The effects of early maladaptive schemas and religiosity on adjustment and mood among African American college students

Napoleon D Wells, Fordham University

Abstract

Early Maladaptive Schemas (EMS) were developed for the study and treatment of personality disorders, major depression and many other forms of psychopathology, and though the research done with EMS has expanded to include more non-clinical samples, none of the studies have included racially diverse samples. This study sought to extend the existing research concerning the utility of EMS Domains with an African-American sample which consisted of college students. Specifically, the purpose for the study was to examine the effect that EMS would have on mood and adjustment within this population, and the ways in which religiosity would moderate those relationships. The Young Schema Questionnaire, Short Form 3 (YSQ-S3), the Student Adaptation to College Questionnaire (SACQ), the Positive and Negative Affect Scale (PANAS), the Daily Spiritual Experience Scale (DSE) and the Spiritual Well-Being Scale (SWB) were administered to an African-American, undergraduate sample (N = 129) at two colleges located in the Northeast. It was found that EMS Domains were inversely related to level of positive affect and college adjustment. It was also found that the EMS Domains were positively related to negative affect. Additionally, it was found that Daily Spiritual Experience was found to moderate the relationship between the EMS Domains, mood and college adjustment, but Spiritual Well-Being did not moderate those relationships. The results suggest that EMS can be used as a means of treating both undergraduate and African-American people in counseling centers as they can reliably give an idea of how these populations are functioning. Furthermore, the results suggest that with African-Americans students, religiosity can have an impact on functioning such that higher levels of religiosity lead to improved mood and adjustment, even when faced with some of the issues that contribute to EMS. These results also can influence the ways in which academic institutions understand and treat African-American students, making it necessary to incorporate an understanding of how this population makes use of religion as a means of dealing with stressors, adjustment and many other concerns. ^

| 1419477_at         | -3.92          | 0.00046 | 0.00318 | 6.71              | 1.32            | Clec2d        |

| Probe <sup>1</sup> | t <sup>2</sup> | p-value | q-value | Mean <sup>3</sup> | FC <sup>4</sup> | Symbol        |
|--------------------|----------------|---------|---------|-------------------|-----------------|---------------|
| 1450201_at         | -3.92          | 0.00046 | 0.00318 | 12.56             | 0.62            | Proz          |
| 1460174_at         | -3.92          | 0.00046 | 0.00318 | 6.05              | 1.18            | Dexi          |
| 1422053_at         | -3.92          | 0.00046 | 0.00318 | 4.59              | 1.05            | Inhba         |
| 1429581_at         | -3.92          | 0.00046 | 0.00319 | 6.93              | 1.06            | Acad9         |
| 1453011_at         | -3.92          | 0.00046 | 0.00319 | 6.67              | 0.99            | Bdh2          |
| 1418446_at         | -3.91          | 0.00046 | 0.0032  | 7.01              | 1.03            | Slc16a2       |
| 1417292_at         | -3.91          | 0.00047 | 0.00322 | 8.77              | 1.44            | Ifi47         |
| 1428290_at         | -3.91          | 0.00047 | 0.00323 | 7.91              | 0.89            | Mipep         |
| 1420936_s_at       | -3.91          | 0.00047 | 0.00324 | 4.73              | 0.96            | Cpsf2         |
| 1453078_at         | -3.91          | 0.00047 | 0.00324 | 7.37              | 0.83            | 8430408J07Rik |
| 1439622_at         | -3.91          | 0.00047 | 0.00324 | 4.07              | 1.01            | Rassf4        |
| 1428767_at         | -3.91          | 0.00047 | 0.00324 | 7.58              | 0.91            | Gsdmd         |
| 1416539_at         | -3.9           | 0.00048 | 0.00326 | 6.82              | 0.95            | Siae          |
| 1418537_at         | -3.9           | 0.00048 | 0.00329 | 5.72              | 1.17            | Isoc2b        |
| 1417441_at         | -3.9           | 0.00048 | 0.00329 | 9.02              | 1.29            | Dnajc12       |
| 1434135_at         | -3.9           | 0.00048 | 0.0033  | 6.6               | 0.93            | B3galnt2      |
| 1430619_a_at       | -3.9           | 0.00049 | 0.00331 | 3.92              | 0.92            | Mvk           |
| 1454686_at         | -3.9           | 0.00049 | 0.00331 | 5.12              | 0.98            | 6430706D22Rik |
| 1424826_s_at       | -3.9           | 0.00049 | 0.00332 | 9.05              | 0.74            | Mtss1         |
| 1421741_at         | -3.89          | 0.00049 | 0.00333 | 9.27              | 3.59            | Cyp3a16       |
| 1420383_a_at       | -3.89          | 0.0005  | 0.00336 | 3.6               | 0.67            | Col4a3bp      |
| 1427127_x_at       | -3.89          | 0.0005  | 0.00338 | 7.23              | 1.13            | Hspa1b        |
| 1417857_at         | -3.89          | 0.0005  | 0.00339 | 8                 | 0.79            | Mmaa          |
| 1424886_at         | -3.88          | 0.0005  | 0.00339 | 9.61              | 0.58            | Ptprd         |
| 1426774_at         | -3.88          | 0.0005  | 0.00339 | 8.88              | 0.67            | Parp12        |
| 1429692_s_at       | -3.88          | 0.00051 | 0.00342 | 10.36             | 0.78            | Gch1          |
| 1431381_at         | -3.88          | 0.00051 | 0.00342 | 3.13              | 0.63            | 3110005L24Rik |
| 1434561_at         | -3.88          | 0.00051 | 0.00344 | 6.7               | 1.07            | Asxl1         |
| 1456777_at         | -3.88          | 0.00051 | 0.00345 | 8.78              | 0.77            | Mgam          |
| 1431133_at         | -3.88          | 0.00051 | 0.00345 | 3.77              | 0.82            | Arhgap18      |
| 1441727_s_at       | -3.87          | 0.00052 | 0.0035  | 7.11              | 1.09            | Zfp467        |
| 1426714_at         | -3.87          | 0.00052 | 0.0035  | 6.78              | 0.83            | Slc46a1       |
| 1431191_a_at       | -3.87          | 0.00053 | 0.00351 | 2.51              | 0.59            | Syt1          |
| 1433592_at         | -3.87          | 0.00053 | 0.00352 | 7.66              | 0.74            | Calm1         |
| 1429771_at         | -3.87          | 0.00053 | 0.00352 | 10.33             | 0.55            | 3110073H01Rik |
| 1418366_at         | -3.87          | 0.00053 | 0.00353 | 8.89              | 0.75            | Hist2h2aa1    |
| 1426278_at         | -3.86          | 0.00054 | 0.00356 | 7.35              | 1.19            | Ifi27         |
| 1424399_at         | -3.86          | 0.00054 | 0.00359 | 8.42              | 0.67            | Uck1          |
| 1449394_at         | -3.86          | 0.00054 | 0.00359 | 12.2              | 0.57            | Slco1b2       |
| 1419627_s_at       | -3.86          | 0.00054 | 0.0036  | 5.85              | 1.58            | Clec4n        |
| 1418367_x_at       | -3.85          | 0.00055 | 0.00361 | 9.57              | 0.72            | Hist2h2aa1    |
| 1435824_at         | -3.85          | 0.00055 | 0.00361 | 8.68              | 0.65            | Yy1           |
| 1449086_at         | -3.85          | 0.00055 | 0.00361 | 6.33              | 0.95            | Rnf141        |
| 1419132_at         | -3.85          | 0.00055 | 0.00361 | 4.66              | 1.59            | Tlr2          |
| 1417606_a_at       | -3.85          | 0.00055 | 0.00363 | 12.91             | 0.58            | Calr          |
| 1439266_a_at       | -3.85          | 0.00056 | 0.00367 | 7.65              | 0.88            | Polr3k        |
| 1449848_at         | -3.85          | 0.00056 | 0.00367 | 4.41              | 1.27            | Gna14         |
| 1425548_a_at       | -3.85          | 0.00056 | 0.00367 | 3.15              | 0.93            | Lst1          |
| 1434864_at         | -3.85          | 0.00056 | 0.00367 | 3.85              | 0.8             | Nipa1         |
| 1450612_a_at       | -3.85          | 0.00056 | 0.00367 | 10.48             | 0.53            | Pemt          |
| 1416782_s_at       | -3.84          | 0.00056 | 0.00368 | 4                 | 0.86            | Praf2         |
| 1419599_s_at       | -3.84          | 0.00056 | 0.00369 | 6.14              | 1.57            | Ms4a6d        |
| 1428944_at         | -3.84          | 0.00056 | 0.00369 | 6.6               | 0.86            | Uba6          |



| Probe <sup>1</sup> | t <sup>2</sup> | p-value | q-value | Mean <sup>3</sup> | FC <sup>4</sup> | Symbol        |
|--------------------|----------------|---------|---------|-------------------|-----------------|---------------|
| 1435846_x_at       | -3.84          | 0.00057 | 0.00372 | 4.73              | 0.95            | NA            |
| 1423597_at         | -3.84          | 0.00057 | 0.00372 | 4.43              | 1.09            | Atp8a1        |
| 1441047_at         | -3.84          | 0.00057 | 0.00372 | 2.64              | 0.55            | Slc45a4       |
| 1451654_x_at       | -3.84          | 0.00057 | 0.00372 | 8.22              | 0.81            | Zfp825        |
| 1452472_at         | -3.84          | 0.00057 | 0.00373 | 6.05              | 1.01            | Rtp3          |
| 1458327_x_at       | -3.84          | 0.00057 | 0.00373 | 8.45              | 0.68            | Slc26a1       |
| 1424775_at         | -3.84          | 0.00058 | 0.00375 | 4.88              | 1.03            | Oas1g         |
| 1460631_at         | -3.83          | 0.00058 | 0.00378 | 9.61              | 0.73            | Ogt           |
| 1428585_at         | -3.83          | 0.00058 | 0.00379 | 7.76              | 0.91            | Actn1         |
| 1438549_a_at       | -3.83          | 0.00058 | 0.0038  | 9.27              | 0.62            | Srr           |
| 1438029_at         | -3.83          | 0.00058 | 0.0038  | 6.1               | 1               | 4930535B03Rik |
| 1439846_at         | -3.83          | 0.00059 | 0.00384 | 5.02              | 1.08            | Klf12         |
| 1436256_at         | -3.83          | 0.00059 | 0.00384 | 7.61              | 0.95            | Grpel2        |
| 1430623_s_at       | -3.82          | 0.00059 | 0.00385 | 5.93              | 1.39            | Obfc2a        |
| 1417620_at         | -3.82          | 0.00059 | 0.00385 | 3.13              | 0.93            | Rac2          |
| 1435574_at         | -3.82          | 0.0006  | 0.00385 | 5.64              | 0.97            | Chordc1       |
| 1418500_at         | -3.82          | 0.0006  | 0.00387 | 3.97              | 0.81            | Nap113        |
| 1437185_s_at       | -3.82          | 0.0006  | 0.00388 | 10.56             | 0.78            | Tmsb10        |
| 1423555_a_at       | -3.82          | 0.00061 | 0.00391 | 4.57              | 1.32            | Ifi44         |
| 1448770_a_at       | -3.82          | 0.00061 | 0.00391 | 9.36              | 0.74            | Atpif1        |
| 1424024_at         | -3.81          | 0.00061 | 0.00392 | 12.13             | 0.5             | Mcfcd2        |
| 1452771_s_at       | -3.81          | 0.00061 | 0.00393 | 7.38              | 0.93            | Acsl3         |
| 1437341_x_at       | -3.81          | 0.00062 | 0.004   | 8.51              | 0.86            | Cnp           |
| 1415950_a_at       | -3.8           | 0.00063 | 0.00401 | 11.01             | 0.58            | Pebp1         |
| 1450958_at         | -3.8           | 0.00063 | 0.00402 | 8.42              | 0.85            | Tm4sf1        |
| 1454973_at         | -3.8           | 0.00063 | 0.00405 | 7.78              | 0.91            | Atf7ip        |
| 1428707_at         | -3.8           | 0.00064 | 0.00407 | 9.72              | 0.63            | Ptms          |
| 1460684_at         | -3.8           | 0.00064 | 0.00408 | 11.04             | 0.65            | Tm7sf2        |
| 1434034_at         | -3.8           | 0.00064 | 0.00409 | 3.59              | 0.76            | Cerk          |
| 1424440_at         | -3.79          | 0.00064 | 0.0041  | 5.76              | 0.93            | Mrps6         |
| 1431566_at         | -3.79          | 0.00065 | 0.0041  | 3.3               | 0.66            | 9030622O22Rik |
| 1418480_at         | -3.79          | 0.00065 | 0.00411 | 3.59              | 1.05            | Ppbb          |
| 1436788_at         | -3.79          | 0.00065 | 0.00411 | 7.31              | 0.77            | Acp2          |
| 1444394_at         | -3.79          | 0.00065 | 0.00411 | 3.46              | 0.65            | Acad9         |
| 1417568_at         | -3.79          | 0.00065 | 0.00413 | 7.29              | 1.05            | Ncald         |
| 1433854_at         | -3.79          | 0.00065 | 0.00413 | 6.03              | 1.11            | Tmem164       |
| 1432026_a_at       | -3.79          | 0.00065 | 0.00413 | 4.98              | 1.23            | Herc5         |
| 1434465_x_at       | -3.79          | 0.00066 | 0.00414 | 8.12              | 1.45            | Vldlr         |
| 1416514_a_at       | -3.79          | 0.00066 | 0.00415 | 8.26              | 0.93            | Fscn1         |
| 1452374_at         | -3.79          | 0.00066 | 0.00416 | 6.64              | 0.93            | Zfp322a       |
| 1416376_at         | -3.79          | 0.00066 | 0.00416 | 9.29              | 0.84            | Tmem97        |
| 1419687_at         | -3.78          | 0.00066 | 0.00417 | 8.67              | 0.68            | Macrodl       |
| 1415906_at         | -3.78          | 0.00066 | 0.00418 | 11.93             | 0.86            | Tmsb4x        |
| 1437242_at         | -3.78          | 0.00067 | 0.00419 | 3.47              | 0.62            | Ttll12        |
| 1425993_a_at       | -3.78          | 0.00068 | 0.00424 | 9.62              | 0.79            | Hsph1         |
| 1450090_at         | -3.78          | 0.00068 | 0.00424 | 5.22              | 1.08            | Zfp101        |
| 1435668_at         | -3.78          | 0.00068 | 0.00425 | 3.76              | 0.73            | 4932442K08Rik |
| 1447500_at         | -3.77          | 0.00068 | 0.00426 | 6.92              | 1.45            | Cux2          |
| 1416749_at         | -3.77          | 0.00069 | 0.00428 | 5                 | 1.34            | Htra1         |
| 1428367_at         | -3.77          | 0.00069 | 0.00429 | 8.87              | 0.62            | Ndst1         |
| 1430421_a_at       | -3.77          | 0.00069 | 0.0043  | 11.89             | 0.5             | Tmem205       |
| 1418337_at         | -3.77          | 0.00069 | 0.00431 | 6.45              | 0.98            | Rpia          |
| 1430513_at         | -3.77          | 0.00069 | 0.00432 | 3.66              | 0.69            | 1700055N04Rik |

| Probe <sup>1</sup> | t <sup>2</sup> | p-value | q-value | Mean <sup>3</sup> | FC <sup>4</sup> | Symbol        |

Subject Area

Black Studies|Psychology, Clinical

Recommended Citation

Napoleon D Wells, "The effects of early maladaptive schemas and religiosity on adjustment and mood among African American college students" (January 1, 2007). ETD Collection for Fordham University. Paper AAI3286425.
http://fordham.bepress.com/dissertations/AAI3286425

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